Estrogenic: Consumption of Certain Plants May Be Linked to Aggression in Monkeys

Red colobus monkeys in Uganda.
Image by Duncan (Wellington, NZ). CC By-S.A. 2.0.

Munching on large amounts of phytoestrogen-rich leaves from the Milletia dura tree appears to alter hormone levels and behavior among red colobus monkeys, according to a study published in the journal Hormones and Behavior.

Studying a group of male red colobus monkeys in Uganda, scientists from the University of California-Berkeley found that levels of estradiol and cortisol rose with seasonally higher consumption of estrogen-like compounds. In addition, the monkeys fought and mated more, and indulged less in the social-bonding activity of grooming.

“It’s one of the first studies done in a natural setting providing evidence that plant chemicals can directly affect a wild primate’s physiology and behavior by acting on the endocrine system,” said study lead author Michael Wasserman, who conducted the research as a graduate student at UC Berkeley’s Department of Environmental Science, Policy and Management. “By altering hormone levels and social behaviors important to reproduction and health, plants may have played a large role in the evolution of primate — including human — biology in ways that have been underappreciated.”

via Eating estrogenic plants alters hormones in monkeys, may increase aggression and sex.

Researchers warned against assigning too much influence to phytoestrogens, however, explaining that diet is just one factor in behavior. Others include the hormones already produced inside the body as well as the amount of competition for food and mates.

Body Language: “Fake It Til You Become It”

Low-power poses can decrease testosterone and raise cortisol, says researcher Amy Cuddy.
“Young Girl Holding a Letter” (circa 1665), Caspar Netscher-PD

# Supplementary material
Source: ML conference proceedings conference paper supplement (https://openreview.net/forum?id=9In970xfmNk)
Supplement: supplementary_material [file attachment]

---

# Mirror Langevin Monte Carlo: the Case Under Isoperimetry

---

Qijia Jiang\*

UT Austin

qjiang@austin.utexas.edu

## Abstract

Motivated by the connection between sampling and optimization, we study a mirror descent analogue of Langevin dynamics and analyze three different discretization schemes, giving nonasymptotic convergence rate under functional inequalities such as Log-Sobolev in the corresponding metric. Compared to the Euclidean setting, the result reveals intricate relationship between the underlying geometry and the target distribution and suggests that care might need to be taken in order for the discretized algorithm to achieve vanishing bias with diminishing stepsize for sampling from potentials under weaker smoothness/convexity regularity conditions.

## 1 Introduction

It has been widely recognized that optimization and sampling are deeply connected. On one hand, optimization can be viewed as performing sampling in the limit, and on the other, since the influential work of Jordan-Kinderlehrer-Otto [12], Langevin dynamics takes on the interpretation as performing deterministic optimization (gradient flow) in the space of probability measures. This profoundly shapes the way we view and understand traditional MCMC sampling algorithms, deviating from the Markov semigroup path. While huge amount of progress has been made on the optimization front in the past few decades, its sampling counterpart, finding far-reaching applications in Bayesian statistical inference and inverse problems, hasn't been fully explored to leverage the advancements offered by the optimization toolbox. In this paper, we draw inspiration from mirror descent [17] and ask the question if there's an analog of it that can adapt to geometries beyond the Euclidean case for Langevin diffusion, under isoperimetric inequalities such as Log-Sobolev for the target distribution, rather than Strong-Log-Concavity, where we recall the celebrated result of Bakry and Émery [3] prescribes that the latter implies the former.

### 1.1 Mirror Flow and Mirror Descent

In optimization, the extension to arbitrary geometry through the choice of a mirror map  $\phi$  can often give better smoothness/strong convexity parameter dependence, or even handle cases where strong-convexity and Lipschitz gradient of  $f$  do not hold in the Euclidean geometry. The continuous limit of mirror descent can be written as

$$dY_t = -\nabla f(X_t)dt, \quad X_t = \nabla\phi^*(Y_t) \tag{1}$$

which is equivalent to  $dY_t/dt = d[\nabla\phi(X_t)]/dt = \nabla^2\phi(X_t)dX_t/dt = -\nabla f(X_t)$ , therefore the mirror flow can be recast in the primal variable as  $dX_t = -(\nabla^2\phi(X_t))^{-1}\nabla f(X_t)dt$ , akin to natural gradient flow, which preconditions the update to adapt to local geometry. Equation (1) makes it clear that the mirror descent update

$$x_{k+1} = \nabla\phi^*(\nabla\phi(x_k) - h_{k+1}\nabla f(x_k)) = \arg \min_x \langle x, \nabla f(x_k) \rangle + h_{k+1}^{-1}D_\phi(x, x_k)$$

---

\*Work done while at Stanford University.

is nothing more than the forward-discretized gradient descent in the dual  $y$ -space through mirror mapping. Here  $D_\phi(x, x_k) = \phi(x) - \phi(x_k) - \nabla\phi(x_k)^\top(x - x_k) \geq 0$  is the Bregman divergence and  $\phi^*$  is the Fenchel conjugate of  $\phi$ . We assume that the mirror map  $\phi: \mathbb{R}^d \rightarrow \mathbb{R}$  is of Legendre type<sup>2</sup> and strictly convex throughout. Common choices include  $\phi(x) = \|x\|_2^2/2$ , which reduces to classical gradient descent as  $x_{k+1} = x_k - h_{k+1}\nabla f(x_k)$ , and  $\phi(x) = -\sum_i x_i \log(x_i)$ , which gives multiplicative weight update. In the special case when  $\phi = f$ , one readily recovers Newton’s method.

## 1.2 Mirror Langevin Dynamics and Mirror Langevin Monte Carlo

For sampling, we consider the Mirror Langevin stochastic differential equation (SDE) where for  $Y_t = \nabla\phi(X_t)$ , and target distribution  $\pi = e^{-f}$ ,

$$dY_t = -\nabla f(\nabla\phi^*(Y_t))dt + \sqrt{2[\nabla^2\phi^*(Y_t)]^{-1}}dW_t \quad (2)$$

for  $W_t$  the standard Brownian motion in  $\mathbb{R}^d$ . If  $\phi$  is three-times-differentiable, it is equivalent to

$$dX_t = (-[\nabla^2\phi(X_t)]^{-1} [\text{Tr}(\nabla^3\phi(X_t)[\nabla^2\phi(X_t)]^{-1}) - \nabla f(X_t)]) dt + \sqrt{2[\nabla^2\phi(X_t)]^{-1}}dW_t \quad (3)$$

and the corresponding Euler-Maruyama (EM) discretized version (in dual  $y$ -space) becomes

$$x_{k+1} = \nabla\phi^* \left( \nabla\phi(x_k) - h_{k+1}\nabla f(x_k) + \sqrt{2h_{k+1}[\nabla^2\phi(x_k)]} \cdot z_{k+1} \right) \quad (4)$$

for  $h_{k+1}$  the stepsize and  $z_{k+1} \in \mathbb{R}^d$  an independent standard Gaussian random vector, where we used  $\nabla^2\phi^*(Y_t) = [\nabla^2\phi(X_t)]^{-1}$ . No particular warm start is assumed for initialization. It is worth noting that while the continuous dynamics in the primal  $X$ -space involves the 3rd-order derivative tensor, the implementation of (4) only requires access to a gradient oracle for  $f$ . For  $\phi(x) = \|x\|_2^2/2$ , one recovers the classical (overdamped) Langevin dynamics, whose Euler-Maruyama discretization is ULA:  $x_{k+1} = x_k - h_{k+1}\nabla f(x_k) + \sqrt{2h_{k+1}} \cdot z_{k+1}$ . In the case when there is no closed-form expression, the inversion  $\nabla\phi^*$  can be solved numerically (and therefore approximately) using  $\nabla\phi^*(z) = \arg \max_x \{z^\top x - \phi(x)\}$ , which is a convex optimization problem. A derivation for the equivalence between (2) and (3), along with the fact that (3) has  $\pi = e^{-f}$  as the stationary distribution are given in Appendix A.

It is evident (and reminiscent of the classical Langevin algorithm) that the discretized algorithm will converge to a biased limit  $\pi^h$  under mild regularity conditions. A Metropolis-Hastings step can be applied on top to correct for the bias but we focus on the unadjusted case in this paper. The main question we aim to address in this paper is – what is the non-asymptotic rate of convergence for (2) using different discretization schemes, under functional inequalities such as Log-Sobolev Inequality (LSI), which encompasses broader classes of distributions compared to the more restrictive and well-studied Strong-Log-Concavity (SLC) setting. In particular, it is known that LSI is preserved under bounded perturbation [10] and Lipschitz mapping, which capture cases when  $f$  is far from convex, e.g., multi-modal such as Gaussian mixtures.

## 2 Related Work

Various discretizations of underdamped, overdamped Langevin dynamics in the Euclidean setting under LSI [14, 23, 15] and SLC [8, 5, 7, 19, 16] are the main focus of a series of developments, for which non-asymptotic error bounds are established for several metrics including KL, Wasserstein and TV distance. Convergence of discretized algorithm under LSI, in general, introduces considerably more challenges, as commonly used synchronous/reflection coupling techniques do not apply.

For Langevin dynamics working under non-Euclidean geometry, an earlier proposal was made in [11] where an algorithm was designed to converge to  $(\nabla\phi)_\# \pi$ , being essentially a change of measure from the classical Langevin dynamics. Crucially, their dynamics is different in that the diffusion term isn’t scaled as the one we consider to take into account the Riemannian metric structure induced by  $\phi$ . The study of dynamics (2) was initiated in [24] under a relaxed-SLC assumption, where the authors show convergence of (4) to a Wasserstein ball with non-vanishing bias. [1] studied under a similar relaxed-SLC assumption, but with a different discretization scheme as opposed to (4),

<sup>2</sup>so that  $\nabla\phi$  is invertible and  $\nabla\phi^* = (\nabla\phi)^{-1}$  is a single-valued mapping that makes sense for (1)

Just try to watch this TED talk by Harvard Business School professor Amy Cuddy without sitting up straighter.

A few tweaks in body language, argued Cuddy, “could significantly change the way your life unfolds.” In her she recommended that people try “power poses” before entering stressful situations where they feel evaluated by others—whether it’s the high-school lunchroom, a date, or a job interview. The point is not to change how you talk to other people, but how you “talk to yourself,” she said.

In a study with Berkeley professor Dana Carney, Cuddy showed that adopting “power poses” for two minutes changed people’s hormonal levels and behavior. They divided subjects into two groups—those told to engage in expansive, high-power poses (think Wonder Woman, with hands on hips, or someone sitting with their feet up propped on a desk)—and those told to do low-power poses, hunching over and taking up as little space as possible.

Of the subjects who did the high-power poses, 86 percent chose to “gamble” when given the opportunity, compared to 60 percent in the low-power poses group. The high-power group also had a 20 percent increase in testosterone level (the dominance hormone) and a 25 percent decrease in the stress hormone cortisol. In contrast, the low-power pose group experienced a 10 percent decrease in testosterone and a 15 percent increase in cortisol.

“Two minutes lead to these hormonal changes that can configure your brain to be assertive, confident, and comfortable, or really stress-reactive and feeling sort of shut down,” Cuddy said.

Next the researchers brought more people into the lab to do the poses and then go through a stressful five-minute job interview, knowing they were being judged and recorded. Afterward, coders evaluated the videos. With no knowledge of the experiment hypothesis or different conditions, they chose to “hire” the people who had practiced the high-power poses over those from the low-power group.

The power-pose research was partly inspired by Cuddy’s own experiences as a student and professor. When Cuddy was 19, she suffered a serious head injury in a car accident. Though she was not expected to finish college, she pressed on and eventually went to graduate school. But when she got there, she felt like a fraud. An advisor urged her to keep going: to “fake it.”

Years later, she found herself giving a struggling student that same advice. “I told her, ‘Tomorrow you’re going to fake it. You’re going to make yourself powerful. You’re going to go into the classroom and you’re going to give the best comment.’ And she gave the best comment ever … ” Months later, when the student came back to see her, Cuddy was amazed by how much she’d internalized this new, confident persona, and actually changed.

“I want to say to you: Don’t fake it til you make it,” she told her TED audience. “Fake it til you become it.”